Prabhudeva’s Philosophy

Prabhu is indeed a master mystic; a mystic is he who is completely redeemed from self-occupation, because of this he is bale to embody and radiate a measure of eternal life. His whole life – personal, social, intellectual and mystical – is lived in the supernatural regard. To what end does he live? He lives to help save and enlighten by his living action and lurid contemplation and to oppose the downward drag of the instinctive energy. He is a chosen vehicle for redemption, transformation, and creative love of God. Prabhu in his itinerant rounds redeemed many an aspirant and made them fit for the realization of the Beatitude. In this work of redemption, individual and groups are called not to a rejection of the sensory world but to its transformation; to permeate the greatest number of successive acts, the widest area of relationships with the conscious power of the Infinite.

Allama Prabhu, an enlightened philosopher, an eminent mystic and an exalted yogi is the central figure of Shunya Sampadane.

Philosophy is not a creation of man; it is rather an expression of the divine element in man. Philosophy is the process of finding out the highest Reality as its object. The word Brahman means both, Brahman, as the source of knowledge, is indispensable, without fault, self valid and impersonal. Brahman as Reality is all complete and the all complete is all powerful. Reality implies the thing-in-itself, its objectivity and functions. As the doer and giver of all Brahman is called God and Allama Prabhu addresses God as Guheshvara or Guheshvaralinga.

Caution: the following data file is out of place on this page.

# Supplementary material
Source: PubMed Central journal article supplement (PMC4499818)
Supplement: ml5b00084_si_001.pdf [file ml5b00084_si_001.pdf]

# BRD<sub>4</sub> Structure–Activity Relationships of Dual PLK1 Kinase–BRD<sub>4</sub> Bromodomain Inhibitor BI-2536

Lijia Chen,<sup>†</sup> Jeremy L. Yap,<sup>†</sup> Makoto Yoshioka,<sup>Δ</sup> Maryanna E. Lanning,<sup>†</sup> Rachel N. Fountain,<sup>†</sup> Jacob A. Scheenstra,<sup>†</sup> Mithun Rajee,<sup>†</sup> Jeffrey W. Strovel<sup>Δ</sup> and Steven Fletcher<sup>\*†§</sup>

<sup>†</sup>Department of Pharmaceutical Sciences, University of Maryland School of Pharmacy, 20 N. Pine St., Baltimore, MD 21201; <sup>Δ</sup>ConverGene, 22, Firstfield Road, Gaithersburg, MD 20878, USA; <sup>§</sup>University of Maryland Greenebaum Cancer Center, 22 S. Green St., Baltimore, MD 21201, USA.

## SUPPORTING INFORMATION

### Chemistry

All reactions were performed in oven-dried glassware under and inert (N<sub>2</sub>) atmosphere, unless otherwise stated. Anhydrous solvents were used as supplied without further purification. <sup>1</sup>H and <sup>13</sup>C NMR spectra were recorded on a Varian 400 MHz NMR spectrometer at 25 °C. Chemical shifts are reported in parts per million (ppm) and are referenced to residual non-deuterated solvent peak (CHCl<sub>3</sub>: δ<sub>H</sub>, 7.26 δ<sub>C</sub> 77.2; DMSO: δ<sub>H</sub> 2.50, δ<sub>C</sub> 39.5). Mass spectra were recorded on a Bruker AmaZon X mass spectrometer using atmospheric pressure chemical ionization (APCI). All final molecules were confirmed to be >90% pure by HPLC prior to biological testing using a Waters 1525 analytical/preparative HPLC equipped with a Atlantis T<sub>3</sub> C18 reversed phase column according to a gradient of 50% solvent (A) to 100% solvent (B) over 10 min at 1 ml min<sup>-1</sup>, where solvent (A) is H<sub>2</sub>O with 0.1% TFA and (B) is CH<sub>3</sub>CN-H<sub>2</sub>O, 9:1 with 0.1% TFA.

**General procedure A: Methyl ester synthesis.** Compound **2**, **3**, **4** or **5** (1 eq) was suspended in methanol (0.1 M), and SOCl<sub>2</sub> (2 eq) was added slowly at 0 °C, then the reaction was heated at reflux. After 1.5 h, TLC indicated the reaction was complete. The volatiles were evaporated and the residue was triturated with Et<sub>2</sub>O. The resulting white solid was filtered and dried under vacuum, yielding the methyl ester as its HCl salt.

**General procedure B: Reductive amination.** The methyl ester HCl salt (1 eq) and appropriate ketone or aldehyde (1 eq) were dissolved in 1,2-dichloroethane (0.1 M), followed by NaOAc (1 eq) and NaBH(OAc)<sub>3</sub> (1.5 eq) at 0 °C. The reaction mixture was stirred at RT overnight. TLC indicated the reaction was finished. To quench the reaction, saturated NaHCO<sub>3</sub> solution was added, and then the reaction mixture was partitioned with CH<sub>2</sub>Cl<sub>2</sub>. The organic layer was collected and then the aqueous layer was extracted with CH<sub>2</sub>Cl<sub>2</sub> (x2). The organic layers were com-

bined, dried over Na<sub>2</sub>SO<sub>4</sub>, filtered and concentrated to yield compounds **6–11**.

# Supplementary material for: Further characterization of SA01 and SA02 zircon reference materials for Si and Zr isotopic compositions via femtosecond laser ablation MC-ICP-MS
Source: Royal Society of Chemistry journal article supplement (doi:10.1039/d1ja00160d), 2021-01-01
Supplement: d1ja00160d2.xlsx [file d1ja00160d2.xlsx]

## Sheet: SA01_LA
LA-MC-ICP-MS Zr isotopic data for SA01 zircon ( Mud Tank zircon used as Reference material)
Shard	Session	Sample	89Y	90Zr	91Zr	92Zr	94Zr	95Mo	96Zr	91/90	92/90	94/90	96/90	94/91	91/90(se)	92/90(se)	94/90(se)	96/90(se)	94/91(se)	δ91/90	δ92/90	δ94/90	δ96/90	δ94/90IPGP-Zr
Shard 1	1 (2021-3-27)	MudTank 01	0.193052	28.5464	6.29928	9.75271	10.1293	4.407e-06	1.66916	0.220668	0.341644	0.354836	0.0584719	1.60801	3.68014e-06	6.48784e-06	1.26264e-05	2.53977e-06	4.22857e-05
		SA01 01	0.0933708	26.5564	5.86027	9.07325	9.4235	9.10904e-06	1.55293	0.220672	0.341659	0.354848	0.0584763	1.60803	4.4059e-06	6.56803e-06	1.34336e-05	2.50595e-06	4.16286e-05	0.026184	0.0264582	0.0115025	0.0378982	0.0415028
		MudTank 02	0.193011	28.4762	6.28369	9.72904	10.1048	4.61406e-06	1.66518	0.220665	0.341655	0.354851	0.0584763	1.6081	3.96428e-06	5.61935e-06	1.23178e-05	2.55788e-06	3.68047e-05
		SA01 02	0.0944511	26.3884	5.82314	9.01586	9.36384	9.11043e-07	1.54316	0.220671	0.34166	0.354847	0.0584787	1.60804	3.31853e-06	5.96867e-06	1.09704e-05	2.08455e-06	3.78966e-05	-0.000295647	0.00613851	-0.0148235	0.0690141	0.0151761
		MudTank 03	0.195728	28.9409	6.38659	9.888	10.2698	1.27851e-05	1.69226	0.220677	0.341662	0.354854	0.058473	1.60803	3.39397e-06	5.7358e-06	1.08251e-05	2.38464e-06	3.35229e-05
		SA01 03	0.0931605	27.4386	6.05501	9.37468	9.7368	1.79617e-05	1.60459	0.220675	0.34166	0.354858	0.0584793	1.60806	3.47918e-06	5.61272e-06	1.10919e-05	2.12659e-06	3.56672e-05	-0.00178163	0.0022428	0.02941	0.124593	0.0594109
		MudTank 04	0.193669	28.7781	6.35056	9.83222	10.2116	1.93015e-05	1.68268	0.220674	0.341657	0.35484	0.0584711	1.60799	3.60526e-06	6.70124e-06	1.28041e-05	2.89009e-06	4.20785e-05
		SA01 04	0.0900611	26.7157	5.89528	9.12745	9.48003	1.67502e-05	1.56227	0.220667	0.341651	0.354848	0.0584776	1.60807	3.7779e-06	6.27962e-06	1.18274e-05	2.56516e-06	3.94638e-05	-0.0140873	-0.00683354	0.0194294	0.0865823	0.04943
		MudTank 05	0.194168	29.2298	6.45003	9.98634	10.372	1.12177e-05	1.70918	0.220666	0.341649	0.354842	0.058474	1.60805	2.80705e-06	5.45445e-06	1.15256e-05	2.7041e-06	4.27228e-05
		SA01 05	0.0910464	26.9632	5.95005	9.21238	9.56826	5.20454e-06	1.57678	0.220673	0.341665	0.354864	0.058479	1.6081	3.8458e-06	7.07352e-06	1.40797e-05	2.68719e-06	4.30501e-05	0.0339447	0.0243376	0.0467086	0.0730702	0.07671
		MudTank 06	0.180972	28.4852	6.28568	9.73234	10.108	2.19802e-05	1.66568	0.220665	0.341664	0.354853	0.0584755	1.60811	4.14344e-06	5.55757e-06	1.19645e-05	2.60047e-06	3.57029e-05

The philosophy of God always goes with the psychology of self and the self is described variously by the various schools. The materialist view that the Atman is an assemblage of atoms and physical changes is erroneous, as matter does not think and seek liberation. The vitalist view that it is life which is an inner activity or vital impulse that multiplies itself is untenable. The empirical view that the self is a cluster of sensations or five skandhas is rejected on the ground that it denies the unity and continuity of the enduring self. The rationalist view that “because I think, therefore, I am” ignores the different levels of conscience and it is more true to say that “because I am, therefore, I think” The adjectival theory which makes the self an attribute of the Absolute ignores its uniqueness. Finally the monistic view that the self is an illusionary reflection of Brahman regards it as a mere fiction without any moral value. But Prabhu maintains that the self is a tattva of Reality, like God, it is self evident and is its own proof. Prabhu addresses this self as Anga. In Veerashaiva terminology, God is known as linga and the self is known as Anga.